1959 French Grand Prix race report: Return of the Red Army
This year the GP of the ACF, better known as the French Grand Prix, was…
40,000 MILES WITH A 1i-LITRE M.G. SALOON and how a Supercharger was Added
YOUR road test of the -litre M.G. saloon in your April issue prompts me to write to you about my 1950 YA series saloon in the hope that a description of its behaviour over 40,000 miles may be of some interest.
It started off by my reading in one of the motoring papers an announcement and description of an entirely new model to be introduced by M.G. From the photographs and technical details it seemed to be just the sort of car I had been waiting for—compact, nice looking, lively—so I dashed down to the local Nuffield agents, sought out the Sales Manager, and said : ” Please put me down for one of those new M.G. saloons. I’m first on the list aren’t I ? ” Whereupon he laughed and told toe I was fourth, three people having been down that morning before me. A few months later a demonstration model arrived at the agents ; it was new and barely runin, but even making allowances for all that, I was not greatly impressed ; it certainly looked nice, but the performance did not appear to be anything out of the ordinary and the front seat did not seem to fit my rather peculiar anatomy. However, rather than lose not a bad place on the waiting list (by then increased considerably) I let my order stand, saying to the agent that I didn’t suppose I had any choice in the matter of colour, but when mine came along could it please lie maroon, black, bronze, grey, or even puce with orange stripes so long as it was not green. In May, 1950. my car arrived—a green one No, the agent had no idea when he’d get another—it might be many months, and anyway there was nothing to prevent the next one being green, too.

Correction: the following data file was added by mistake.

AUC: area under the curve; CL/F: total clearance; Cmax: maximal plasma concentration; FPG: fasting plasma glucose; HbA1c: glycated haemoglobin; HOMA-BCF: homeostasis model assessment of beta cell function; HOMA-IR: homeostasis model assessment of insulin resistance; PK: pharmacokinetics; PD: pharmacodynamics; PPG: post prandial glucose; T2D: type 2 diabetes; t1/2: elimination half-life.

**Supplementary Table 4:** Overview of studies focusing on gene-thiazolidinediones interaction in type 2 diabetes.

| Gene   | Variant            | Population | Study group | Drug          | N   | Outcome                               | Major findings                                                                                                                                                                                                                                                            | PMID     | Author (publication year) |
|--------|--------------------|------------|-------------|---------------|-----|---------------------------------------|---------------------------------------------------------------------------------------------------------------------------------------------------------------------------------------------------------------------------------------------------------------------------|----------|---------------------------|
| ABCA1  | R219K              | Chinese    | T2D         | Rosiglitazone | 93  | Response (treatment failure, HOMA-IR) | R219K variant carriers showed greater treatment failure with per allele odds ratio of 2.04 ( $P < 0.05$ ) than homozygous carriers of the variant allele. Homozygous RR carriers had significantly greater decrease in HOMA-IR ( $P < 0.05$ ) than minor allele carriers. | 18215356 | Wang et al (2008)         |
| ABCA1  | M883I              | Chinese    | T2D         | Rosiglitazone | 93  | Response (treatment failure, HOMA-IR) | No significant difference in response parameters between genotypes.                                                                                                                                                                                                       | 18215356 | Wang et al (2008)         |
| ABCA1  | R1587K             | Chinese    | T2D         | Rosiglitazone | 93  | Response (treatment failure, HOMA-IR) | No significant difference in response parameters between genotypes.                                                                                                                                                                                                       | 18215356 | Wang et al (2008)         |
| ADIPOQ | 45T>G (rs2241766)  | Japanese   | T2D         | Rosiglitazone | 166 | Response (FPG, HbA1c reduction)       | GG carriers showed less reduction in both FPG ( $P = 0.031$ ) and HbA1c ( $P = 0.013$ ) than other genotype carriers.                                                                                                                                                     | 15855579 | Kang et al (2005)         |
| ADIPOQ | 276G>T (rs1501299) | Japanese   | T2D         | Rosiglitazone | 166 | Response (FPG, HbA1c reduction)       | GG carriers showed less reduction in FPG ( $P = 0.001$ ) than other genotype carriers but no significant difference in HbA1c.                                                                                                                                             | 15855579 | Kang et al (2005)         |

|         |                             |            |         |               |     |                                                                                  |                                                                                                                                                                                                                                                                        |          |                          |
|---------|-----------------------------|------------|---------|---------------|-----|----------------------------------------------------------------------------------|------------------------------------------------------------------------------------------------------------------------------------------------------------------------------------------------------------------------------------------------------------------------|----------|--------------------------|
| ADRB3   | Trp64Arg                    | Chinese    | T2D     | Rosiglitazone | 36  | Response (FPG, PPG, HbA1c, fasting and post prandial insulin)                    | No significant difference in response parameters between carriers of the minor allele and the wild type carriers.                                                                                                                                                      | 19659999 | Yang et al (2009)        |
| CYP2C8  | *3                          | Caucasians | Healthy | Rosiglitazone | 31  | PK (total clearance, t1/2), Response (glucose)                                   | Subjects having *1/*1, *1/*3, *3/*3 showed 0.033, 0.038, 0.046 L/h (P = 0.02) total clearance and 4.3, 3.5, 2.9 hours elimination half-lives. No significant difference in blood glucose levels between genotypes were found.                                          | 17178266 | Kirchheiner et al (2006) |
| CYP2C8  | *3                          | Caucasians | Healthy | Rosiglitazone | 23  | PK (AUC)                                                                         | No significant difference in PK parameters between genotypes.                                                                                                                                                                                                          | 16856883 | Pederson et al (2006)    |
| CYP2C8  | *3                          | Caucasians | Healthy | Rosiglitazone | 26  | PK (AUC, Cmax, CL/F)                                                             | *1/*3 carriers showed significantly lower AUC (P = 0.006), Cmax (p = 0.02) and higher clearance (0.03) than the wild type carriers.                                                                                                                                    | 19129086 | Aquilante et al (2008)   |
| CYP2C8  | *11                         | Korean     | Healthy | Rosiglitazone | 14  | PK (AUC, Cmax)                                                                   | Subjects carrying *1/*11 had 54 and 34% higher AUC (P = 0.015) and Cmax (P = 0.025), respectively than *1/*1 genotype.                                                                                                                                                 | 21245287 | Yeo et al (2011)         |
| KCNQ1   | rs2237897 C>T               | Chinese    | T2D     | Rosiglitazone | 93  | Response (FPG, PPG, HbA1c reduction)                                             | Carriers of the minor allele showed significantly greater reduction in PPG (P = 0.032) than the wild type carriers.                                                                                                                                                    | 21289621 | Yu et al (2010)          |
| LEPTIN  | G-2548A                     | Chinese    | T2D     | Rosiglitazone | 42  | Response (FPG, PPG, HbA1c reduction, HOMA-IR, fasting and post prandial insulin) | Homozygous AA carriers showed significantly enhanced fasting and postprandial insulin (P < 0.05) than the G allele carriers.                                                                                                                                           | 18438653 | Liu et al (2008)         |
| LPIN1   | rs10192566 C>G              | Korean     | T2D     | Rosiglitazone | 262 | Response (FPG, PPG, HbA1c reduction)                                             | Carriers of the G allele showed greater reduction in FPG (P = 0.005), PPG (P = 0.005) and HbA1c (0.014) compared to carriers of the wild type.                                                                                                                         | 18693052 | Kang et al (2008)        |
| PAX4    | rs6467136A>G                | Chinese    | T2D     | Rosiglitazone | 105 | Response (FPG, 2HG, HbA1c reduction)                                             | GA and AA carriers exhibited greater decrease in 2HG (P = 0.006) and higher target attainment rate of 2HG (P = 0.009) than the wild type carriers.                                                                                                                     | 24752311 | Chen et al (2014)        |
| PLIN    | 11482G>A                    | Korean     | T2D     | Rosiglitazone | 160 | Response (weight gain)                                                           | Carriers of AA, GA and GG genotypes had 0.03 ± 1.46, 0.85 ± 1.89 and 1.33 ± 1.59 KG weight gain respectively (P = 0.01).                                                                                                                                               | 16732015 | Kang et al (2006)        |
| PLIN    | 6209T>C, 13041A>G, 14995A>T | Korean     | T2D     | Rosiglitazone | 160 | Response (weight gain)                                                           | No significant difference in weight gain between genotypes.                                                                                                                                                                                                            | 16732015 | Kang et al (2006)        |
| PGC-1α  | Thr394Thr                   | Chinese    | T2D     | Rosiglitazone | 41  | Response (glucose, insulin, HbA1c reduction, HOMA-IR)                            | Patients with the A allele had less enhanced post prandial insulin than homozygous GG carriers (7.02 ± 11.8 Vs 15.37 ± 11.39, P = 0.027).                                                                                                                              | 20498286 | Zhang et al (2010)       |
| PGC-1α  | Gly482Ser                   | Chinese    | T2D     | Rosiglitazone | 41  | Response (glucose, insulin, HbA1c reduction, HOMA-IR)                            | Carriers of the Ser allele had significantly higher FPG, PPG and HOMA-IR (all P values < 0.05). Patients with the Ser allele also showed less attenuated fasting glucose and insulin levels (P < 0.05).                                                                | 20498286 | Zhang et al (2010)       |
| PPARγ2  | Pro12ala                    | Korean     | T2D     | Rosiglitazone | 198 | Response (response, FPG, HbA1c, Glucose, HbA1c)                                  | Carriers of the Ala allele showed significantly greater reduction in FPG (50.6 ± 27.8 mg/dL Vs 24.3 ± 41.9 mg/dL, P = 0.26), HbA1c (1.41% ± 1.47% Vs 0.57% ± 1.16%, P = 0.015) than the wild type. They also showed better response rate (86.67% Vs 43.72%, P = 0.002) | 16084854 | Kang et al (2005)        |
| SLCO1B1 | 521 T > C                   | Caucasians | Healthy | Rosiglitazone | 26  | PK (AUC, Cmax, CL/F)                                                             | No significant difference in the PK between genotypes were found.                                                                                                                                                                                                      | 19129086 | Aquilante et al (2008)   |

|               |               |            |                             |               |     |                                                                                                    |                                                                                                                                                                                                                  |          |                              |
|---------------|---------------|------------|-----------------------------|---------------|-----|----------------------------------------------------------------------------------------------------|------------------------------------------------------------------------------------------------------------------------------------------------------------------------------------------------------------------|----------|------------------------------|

Thus it was that I took delivery and became the by no means proud, but rather somewhat disgruntled, possessor of this motor which, during the first few weeks of my ownership, hit back at my lack of enthusiasm (thereby, incidentally, showing herself to be a lady of spirit) by being just about as irritating as a car can be ; e.g., the hoot lock took hold of the key between its teeth and wouldn’t let go, the starter pull-knob came out by the roots and the starting handle was then found not to tit, the windscreen joint let about an egg-cupful of water accumulate in some secret place and then discharged it suddenly over my legs, a direction indicator stuck in and then out, and so on and so forth. During this initial and most trying period the M.G. agents exercised a lot of tact and patience with both of us and gradually the teething troubles were overcome and the car and I settled down to the running-in period—both a bit suspicious and on our guard but both prepared to forgive and forget and start a new life together. It was not long before I found that if the driving seat and the telescopic steering wheel were adjusted just so, the driving position was extremely comfortable and I could accommodate my 6 ft. 2 in. length with considerable ease ; that corners could be taken fast, safely and accurately ; that it had to be a really atrocious road surface to make itself unduly felt ; that the most shattering pot holes and gullies the byways of North Wales could provide produced not even a suspicion of a rattle and that great strength was not
required to close the doors. Moreover, rear passengers (at least those not unduly long in the leg) spoke well of the comfort of the back seats.